This is a Dogman’s World
Gomorrah and Tale of Tales director Matteo Garrone returns with a modern-day fable, set against one of the forsaken towns of coastal Italy. Wendy Ide looks at the architecture of Garrone’s films, and the Dogman’s world.
It is known locally as the 'parco degli abusivi' or Park of Abusers: a blighted seaside resort that was intended to be the Domitian coast's answer to Rimini. Instead, it's a lawless sprawl of cancerous concrete, its buildings long ago stripped of anything of value. Built with complete disregard for the region's zoning laws, the now largely abandoned Villaggio Coppola is a 1960s utopian dream, which had its foundations in corruption and organised crime. The location for Matteo Garrone's latest film, Dogman, in which a weak man who aspires to a decent life is sucked inexorably into crime and violence, could hardly be more appropriate.
Based on a true story, the picture tells of Marcello (Marcello Fonte, superb), the proprietor of a dog grooming parlour in a row of struggling seafront businesses. There's a sense of community in this string of shopfronts, which yawn around a desolate town square like a mouthful of broken teeth. Marcello and his neighbours look out for each other; they are united against a common threat – the local bullying thug, Simoncino (Edoardo Pesce).
Garrone said of the choice of location, “The idea was to find a place that was 'frontier', that would recall a western atmosphere, but where the community is present, and it is important what others think of you.” It's a backdrop that is rich with visual metaphors. The rot of the architecture echoes the moral decay of community that has been left to police itself. The abandoned children's playground is as tragic and desperate as Marcello's fearful, ingratiating smile.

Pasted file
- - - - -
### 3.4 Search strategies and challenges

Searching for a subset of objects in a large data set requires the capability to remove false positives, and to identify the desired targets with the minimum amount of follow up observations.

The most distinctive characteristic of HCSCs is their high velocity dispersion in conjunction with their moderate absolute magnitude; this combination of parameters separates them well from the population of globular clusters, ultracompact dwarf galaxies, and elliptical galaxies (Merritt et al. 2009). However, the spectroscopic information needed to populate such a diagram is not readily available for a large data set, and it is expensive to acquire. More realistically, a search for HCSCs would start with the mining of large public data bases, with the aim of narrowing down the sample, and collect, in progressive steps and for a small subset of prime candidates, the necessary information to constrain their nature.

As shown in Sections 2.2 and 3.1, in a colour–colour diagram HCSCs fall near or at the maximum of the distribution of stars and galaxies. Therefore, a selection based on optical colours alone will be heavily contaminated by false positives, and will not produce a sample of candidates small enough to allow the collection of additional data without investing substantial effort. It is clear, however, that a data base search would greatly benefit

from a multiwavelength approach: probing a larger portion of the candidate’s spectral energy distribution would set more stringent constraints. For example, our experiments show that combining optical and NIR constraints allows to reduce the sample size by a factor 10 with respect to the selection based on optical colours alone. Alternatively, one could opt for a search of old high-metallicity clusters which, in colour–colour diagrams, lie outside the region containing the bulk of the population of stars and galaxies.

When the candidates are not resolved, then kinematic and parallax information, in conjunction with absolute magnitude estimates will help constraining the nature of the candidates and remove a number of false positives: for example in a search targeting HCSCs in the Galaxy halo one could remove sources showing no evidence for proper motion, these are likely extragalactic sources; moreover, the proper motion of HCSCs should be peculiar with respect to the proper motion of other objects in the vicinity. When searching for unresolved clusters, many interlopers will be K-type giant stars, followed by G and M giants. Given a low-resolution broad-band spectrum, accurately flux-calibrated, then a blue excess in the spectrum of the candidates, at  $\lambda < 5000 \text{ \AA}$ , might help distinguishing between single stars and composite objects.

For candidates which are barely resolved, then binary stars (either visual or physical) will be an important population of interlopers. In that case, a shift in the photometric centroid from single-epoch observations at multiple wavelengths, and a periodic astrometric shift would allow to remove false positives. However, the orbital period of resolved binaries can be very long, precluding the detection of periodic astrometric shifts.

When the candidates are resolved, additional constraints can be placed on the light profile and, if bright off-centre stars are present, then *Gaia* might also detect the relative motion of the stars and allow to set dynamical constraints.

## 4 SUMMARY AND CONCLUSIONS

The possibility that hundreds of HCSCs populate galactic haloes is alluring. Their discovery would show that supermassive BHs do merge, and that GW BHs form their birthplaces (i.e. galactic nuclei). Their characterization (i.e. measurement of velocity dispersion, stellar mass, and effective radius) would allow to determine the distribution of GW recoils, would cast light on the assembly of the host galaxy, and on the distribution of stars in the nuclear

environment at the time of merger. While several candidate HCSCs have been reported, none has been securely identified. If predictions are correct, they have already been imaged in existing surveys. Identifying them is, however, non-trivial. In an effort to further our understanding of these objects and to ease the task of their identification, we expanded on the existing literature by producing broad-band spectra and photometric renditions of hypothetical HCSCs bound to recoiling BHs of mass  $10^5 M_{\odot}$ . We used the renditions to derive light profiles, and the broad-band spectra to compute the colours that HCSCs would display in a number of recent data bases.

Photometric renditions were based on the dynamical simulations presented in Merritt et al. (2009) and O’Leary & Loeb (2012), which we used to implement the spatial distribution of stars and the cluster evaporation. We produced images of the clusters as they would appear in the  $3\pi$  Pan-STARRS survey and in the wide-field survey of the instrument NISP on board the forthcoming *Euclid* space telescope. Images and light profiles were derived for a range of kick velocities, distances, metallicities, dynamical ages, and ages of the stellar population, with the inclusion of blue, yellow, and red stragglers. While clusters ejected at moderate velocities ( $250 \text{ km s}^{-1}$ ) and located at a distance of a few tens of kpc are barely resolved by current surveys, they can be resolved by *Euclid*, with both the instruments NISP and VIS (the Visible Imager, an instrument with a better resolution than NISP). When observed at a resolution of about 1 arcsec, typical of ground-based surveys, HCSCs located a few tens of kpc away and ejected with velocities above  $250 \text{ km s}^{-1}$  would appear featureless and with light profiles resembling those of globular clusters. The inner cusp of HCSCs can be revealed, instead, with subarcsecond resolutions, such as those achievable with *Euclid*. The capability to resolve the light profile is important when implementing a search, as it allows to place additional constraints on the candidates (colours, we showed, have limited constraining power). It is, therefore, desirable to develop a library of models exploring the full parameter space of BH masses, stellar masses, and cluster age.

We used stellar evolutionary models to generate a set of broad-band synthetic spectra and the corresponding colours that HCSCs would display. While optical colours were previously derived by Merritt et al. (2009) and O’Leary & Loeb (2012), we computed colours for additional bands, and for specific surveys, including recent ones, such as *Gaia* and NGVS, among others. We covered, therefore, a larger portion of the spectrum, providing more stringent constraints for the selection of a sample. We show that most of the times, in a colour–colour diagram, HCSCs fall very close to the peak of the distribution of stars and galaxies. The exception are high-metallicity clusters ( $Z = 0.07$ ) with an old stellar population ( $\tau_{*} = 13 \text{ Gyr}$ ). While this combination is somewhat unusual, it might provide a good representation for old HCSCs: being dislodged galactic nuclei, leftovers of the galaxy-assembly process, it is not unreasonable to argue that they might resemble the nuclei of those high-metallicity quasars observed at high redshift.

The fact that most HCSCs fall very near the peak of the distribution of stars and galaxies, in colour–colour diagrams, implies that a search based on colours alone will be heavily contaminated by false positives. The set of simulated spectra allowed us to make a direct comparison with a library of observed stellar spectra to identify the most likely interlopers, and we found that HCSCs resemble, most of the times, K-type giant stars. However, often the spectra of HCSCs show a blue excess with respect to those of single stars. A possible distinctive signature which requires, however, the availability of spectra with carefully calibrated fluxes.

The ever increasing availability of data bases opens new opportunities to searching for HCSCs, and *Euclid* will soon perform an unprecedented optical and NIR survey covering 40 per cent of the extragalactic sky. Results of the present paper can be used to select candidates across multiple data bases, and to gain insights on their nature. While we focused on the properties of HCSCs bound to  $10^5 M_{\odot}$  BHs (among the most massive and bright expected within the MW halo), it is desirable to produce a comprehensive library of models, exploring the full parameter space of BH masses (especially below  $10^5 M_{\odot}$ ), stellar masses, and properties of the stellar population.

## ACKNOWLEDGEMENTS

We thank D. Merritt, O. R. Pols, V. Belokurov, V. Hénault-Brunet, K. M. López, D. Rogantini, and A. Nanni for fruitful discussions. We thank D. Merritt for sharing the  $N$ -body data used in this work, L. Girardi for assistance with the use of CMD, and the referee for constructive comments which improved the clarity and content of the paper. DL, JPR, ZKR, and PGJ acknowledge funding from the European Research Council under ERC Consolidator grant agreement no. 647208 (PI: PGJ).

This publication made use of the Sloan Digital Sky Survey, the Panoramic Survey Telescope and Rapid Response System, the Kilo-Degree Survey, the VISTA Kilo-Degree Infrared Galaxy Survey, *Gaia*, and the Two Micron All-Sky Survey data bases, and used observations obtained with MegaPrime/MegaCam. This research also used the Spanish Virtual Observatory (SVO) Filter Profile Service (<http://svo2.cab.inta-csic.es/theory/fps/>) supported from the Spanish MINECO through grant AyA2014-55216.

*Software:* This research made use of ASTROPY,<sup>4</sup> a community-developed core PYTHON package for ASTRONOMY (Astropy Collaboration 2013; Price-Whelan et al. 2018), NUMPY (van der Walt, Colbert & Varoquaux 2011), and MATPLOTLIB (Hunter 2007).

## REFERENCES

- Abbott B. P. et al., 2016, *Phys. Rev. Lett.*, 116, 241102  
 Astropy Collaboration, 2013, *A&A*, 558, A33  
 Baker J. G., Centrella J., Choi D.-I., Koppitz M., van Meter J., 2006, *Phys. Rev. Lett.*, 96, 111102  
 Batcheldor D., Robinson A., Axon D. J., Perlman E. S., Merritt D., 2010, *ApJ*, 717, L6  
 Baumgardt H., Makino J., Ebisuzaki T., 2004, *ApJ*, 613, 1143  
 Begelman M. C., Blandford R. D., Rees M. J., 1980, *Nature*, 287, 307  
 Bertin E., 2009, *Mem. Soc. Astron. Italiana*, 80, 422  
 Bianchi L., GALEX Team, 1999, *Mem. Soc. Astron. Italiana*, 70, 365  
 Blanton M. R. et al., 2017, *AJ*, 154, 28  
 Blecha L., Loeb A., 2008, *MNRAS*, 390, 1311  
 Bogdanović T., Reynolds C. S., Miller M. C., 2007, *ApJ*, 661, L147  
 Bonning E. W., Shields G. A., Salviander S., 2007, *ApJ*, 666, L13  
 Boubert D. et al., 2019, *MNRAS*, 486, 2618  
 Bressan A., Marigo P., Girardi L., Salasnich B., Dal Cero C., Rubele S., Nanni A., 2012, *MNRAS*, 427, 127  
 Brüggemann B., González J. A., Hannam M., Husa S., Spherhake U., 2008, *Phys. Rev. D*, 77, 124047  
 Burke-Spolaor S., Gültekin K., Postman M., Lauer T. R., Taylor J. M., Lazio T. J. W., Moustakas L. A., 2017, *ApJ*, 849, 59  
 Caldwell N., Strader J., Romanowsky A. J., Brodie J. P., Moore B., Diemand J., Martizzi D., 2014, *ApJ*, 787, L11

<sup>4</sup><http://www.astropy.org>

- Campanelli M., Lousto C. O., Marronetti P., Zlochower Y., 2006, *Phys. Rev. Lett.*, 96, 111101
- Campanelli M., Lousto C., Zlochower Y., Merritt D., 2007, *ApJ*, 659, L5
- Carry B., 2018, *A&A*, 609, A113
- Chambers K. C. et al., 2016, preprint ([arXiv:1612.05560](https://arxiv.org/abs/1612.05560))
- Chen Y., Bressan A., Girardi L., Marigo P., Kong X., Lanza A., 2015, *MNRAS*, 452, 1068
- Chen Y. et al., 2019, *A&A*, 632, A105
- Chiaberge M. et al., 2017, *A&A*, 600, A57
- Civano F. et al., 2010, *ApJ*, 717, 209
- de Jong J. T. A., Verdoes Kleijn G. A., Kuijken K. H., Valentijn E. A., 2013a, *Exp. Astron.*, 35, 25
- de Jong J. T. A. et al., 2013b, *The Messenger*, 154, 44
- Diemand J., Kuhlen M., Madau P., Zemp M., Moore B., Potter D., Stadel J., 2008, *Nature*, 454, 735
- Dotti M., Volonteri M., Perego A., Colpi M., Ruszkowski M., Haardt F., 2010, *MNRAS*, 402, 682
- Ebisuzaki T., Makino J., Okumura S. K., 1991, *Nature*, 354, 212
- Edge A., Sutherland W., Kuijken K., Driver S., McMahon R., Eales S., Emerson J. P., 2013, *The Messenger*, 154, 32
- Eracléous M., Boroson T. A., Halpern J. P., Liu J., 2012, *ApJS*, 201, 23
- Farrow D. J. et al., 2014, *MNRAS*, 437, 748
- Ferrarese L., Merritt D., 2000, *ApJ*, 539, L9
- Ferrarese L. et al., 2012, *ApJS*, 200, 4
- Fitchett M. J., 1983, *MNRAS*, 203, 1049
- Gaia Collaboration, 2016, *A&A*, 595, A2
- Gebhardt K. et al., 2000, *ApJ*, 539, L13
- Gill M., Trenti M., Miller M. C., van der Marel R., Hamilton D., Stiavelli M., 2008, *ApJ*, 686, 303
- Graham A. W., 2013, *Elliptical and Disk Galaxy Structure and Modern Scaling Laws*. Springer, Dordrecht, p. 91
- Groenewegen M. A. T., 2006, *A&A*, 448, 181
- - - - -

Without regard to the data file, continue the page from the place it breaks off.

Location has always been a key element in Garrone's storytelling. Take Gomorrah, itself shot in and around the same coastal region, just north of Naples, as Dogman. The housing block in which much of the action takes place is a prison-like chunk of brutalism, overlooked by a network of passageways and the ever-present eye of the mafia.
Meanwhile, Tale Of Tales has its roots in a more mythic, magical time. The location manager scoured Italy for eight months looking for appropriately ancient and mystical settings for this collection of folk tales. The aim, Garrone said at the time, was to find places that looked believable but could almost have been built in the studio. The stories unfold amid moss covered boulders in the Bosco del Sasseto, in Lazio; in the spectacular, almost unearthly rock formations of the Gole dell’Alcantara in Sicily and in various castles around the country.
But of all Garrone's films, it is Dogman which has the most forceful sense of place. It's a clichéd observation but Villaggio Coppola really does feel as integral to the story as one of the characters. Just don't expect the film to boost the local tourism industry.
Matteo Garrone, the master filmmaker behind Gomorrah, returns to the crime thriller genre with the tension filled and relentlessly captivating Dogman.
Marcello is a small and gentle dog groomer who wants two things, to look after his dogs and take his daughter on exotic holidays. But to fund this lifestyle he runs a side business which has more unsavoury clientele and he soon finds himself involved in a dangerous relationship of subjugation with Simone, a former violent boxer who terrorises the entire neighbourhood.
When Simone exploits him too much Marcello must make a crucial and potentially dangerous decision in order to regain his dignity.
Matteo Garrone’s Dogman plays in cinemas from Friday 19 October, and is available to stream online at Curzon Home Cinema.